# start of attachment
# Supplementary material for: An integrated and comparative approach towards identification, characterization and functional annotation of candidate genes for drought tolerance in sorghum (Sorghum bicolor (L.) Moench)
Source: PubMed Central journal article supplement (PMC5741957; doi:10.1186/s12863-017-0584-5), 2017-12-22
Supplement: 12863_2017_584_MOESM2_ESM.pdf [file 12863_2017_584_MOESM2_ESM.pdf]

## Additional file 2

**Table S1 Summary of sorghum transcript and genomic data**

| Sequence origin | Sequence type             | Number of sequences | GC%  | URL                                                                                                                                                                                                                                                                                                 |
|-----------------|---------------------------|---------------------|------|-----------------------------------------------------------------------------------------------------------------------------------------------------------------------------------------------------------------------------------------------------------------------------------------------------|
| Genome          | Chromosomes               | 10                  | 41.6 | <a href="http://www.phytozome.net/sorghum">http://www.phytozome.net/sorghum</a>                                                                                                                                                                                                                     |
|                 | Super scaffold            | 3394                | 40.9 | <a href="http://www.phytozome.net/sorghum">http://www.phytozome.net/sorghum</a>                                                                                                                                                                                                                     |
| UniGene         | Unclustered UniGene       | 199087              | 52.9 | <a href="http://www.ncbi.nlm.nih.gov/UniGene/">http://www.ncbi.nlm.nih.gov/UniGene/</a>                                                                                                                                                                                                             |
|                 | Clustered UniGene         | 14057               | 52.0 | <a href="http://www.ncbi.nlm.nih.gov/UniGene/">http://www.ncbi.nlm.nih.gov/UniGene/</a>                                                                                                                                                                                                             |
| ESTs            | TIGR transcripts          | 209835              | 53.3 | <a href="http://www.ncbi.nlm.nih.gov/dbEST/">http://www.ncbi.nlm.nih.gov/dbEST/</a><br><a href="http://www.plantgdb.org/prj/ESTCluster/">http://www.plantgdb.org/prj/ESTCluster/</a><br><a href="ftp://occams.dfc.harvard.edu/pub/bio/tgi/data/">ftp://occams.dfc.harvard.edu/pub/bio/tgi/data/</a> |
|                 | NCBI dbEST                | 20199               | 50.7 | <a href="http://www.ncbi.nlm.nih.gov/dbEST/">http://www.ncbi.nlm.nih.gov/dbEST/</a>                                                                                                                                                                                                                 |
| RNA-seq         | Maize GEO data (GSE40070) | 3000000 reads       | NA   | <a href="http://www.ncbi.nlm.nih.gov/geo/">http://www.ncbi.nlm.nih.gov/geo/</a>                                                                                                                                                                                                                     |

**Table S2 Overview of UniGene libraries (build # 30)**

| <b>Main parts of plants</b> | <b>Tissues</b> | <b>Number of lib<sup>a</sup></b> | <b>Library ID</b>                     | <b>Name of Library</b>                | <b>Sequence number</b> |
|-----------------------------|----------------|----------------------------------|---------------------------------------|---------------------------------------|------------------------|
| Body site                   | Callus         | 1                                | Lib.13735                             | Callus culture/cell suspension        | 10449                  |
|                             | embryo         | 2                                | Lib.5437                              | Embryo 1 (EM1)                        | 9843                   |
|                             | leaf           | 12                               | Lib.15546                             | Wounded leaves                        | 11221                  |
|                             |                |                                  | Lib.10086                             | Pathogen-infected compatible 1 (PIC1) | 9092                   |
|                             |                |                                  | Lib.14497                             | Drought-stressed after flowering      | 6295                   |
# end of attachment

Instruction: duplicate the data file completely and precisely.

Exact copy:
# Supplementary material for: An integrated and comparative approach towards identification, characterization and functional annotation of candidate genes for drought tolerance in sorghum (Sorghum bicolor (L.) Moench)
Source: PubMed Central journal article supplement (PMC5741957; doi:10.1186/s12863-017-0584-5), 2017-12-22
Supplement: 12863_2017_584_MOESM2_ESM.pdf [file 12863_2017_584_MOESM2_ESM.pdf]

## Additional file 2

**Table S1 Summary of sorghum transcript and genomic data**

| Sequence origin | Sequence type             | Number of sequences | GC%  | URL                                                                                                                                                                                                                                                                                                 |
|-----------------|---------------------------|---------------------|------|-----------------------------------------------------------------------------------------------------------------------------------------------------------------------------------------------------------------------------------------------------------------------------------------------------|
| Genome          | Chromosomes               | 10                  | 41.6 | <a href="http://www.phytozome.net/sorghum">http://www.phytozome.net/sorghum</a>                                                                                                                                                                                                                     |
|                 | Super scaffold            | 3394                | 40.9 | <a href="http://www.phytozome.net/sorghum">http://www.phytozome.net/sorghum</a>                                                                                                                                                                                                                     |
| UniGene         | Unclustered UniGene       | 199087              | 52.9 | <a href="http://www.ncbi.nlm.nih.gov/UniGene/">http://www.ncbi.nlm.nih.gov/UniGene/</a>                                                                                                                                                                                                             |
|                 | Clustered UniGene         | 14057               | 52.0 | <a href="http://www.ncbi.nlm.nih.gov/UniGene/">http://www.ncbi.nlm.nih.gov/UniGene/</a>                                                                                                                                                                                                             |
| ESTs            | TIGR transcripts          | 209835              | 53.3 | <a href="http://www.ncbi.nlm.nih.gov/dbEST/">http://www.ncbi.nlm.nih.gov/dbEST/</a><br><a href="http://www.plantgdb.org/prj/ESTCluster/">http://www.plantgdb.org/prj/ESTCluster/</a><br><a href="ftp://occams.dfc.harvard.edu/pub/bio/tgi/data/">ftp://occams.dfc.harvard.edu/pub/bio/tgi/data/</a> |
|                 | NCBI dbEST                | 20199               | 50.7 | <a href="http://www.ncbi.nlm.nih.gov/dbEST/">http://www.ncbi.nlm.nih.gov/dbEST/</a>                                                                                                                                                                                                                 |
| RNA-seq         | Maize GEO data (GSE40070) | 3000000 reads       | NA   | <a href="http://www.ncbi.nlm.nih.gov/geo/">http://www.ncbi.nlm.nih.gov/geo/</a>                                                                                                                                                                                                                     |

**Table S2 Overview of UniGene libraries (build # 30)**

| <b>Main parts of plants</b> | <b>Tissues</b> | <b>Number of lib<sup>a</sup></b> | <b>Library ID</b>                     | <b>Name of Library</b>                | <b>Sequence number</b> |
|-----------------------------|----------------|----------------------------------|---------------------------------------|---------------------------------------|------------------------|
| Body site                   | Callus         | 1                                | Lib.13735                             | Callus culture/cell suspension        | 10449                  |
|                             | embryo         | 2                                | Lib.5437                              | Embryo 1 (EM1)                        | 9843                   |
|                             | leaf           | 12                               | Lib.15546                             | Wounded leaves                        | 11221                  |
|                             |                |                                  | Lib.10086                             | Pathogen-infected compatible 1 (PIC1) | 9092                   |
|                             |                |                                  | Lib.14497                             | Drought-stressed after flowering      | 6295                   |